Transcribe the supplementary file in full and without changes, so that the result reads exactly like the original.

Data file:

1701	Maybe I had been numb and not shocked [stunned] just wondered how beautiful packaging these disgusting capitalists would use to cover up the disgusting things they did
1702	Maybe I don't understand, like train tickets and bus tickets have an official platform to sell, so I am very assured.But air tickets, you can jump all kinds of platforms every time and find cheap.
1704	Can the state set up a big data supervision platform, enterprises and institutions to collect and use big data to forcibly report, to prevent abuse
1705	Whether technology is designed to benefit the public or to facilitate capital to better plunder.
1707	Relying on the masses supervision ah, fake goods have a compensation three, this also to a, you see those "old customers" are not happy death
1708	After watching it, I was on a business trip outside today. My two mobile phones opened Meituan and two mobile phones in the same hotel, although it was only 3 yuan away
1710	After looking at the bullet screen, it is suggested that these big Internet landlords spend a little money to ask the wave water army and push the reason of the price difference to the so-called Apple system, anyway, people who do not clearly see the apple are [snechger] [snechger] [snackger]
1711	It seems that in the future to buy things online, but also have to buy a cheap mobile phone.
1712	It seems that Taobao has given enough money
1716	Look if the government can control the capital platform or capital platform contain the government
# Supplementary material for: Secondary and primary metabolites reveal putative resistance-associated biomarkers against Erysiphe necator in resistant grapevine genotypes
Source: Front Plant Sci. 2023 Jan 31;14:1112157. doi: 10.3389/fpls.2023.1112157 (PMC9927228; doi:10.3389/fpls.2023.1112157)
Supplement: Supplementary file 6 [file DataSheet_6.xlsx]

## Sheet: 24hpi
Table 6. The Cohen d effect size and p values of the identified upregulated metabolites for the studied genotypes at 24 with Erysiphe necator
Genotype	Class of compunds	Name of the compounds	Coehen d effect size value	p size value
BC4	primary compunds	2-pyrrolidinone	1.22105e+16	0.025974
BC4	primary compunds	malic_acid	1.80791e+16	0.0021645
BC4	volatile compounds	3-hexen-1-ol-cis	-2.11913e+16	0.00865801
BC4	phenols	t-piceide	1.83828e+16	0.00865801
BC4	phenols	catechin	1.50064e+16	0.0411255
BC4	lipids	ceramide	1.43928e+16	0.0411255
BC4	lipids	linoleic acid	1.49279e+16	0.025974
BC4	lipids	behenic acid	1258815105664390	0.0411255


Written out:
1701	Maybe I had been numb and not shocked [stunned] just wondered how beautiful packaging these disgusting capitalists would use to cover up the disgusting things they did
1702	Maybe I don't understand, like train tickets and bus tickets have an official platform to sell, so I am very assured.But air tickets, you can jump all kinds of platforms every time and find cheap.
1704	Can the state set up a big data supervision platform, enterprises and institutions to collect and use big data to forcibly report, to prevent abuse
1705	Whether technology is designed to benefit the public or to facilitate capital to better plunder.
1707	Relying on the masses supervision ah, fake goods have a compensation three, this also to a, you see those "old customers" are not happy death
1708	After watching it, I was on a business trip outside today. My two mobile phones opened Meituan and two mobile phones in the same hotel, although it was only 3 yuan away
1710	After looking at the bullet screen, it is suggested that these big Internet landlords spend a little money to ask the wave water army and push the reason of the price difference to the so-called Apple system, anyway, people who do not clearly see the apple are [snechger] [snechger] [snackger]
1711	It seems that in the future to buy things online, but also have to buy a cheap mobile phone.
1712	It seems that Taobao has given enough money
1716	Look if the government can control the capital platform or capital platform contain the government
# Supplementary material for: Secondary and primary metabolites reveal putative resistance-associated biomarkers against Erysiphe necator in resistant grapevine genotypes
Source: Front Plant Sci. 2023 Jan 31;14:1112157. doi: 10.3389/fpls.2023.1112157 (PMC9927228; doi:10.3389/fpls.2023.1112157)
Supplement: Supplementary file 6 [file DataSheet_6.xlsx]

## Sheet: 24hpi
Table 6. The Cohen d effect size and p values of the identified upregulated metabolites for the studied genotypes at 24 with Erysiphe necator
Genotype	Class of compunds	Name of the compounds	Coehen d effect size value	p size value
BC4	primary compunds	2-pyrrolidinone	1.22105e+16	0.025974
BC4	primary compunds	malic_acid	1.80791e+16	0.0021645
BC4	volatile compounds	3-hexen-1-ol-cis	-2.11913e+16	0.00865801
BC4	phenols	t-piceide	1.83828e+16	0.00865801
BC4	phenols	catechin	1.50064e+16	0.0411255
BC4	lipids	ceramide	1.43928e+16	0.0411255
BC4	lipids	linoleic acid	1.49279e+16	0.025974
BC4	lipids	behenic acid	1258815105664390	0.0411255